Don’t you agree that by saying those words you accuse the American soldiers of one of two charges each of which is worse than the other;
You are saying that, either they are stupid enough to sacrifice their lives for the sake of GWB political future, or they are evil people who love fighting and killing and they are doing this only for money, in other words they’re no more than mercenaries. Saying that you only disagree with the way this issue is handled will also not change the fact that you are only harming your men and women on the battlefield.

By statements like these you deny any honourable motives for the great job your people are doing here. How in your opinion will this affect the morale of your soldiers? Feeling that their people back at home don’t support them and that they’re abandoned to fight alone in the battlefield.

And all of this for what? For staying in the white house for 4 or 8 years? Is it worth it?
And this is not directed only to Mr. Dean, it’s for all the Americans who support such allegations without being aware of their consequences. What’s it that you fight so hard for, showing your soldiers as s occupiers and murderers, the soldiers who I had the honour of meeting many, and when talking to some of them, I didn’t see anything other than gentleness, honesty and good will and faith in what they’re doing.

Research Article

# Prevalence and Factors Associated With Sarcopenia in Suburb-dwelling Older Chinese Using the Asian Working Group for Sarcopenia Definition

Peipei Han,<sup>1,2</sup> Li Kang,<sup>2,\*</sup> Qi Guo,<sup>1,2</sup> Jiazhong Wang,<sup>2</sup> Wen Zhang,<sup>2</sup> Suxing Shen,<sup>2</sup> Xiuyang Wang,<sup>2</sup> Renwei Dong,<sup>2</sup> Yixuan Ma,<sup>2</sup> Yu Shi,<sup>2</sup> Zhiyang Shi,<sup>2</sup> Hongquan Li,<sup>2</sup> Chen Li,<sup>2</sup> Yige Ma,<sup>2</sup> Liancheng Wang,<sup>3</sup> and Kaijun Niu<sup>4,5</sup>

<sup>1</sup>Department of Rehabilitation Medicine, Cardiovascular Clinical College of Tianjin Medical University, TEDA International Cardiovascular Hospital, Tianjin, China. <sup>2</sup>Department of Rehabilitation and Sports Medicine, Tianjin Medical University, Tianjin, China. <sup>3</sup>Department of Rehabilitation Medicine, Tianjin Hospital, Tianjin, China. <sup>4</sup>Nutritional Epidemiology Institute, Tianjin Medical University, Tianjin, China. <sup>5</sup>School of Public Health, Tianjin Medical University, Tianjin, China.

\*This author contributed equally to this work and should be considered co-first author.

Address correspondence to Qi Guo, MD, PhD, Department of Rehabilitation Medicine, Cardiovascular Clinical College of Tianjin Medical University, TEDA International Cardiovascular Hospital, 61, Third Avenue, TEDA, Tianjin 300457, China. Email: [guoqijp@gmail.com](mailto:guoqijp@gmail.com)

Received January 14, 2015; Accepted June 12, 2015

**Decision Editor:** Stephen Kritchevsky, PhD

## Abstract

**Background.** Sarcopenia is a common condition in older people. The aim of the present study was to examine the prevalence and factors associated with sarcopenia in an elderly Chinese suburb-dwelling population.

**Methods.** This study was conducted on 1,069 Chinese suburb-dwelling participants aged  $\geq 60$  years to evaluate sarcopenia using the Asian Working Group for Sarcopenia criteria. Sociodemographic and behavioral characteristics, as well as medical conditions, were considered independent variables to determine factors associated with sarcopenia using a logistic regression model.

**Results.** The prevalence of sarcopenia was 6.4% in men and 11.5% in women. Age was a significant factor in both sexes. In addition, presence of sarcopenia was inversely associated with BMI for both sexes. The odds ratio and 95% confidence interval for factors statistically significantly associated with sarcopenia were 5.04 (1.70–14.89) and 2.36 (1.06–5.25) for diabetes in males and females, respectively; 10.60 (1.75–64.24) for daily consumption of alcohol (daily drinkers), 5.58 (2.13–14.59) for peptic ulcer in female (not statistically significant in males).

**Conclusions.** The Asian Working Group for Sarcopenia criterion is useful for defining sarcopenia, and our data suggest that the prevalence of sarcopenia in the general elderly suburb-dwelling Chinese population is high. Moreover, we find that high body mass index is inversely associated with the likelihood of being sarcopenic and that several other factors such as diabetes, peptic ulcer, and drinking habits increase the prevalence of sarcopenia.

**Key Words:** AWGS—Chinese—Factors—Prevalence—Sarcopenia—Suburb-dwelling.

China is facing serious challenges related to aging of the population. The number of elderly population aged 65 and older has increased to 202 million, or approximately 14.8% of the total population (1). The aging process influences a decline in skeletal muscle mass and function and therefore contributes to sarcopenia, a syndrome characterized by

Your words and those of others were insults to the Americans, Iraqis and moreover to yourself, and I’m certain you don’t represent the number of Americans you fanaticise about.

Imagine how pissed he must be, to write an open letter to someone running for the government of a foreign country, and to make these kinds of value judgments about Americans and how much of them Dean's statements represent.

And you know, for all the talk about whether Bush is losing his base, I can't help but think that there's something missing from the debate, and that's the debates. Remember those? Kerry or Dean or Edwards or somebody is going to have to spend the year standing up on stage next to Bush, and they're going to have to debate the issues.

In past years, these debates have involved things like: One guy says how he'd improve government-covered health care as President. The other guy responds by explaining the budgetary impact and how Americans have shown they don't want it, and the other guy would rebut with his own viewpoint, blah de blah de blah. The kind of stuff that puts the sitcom audience to sleep.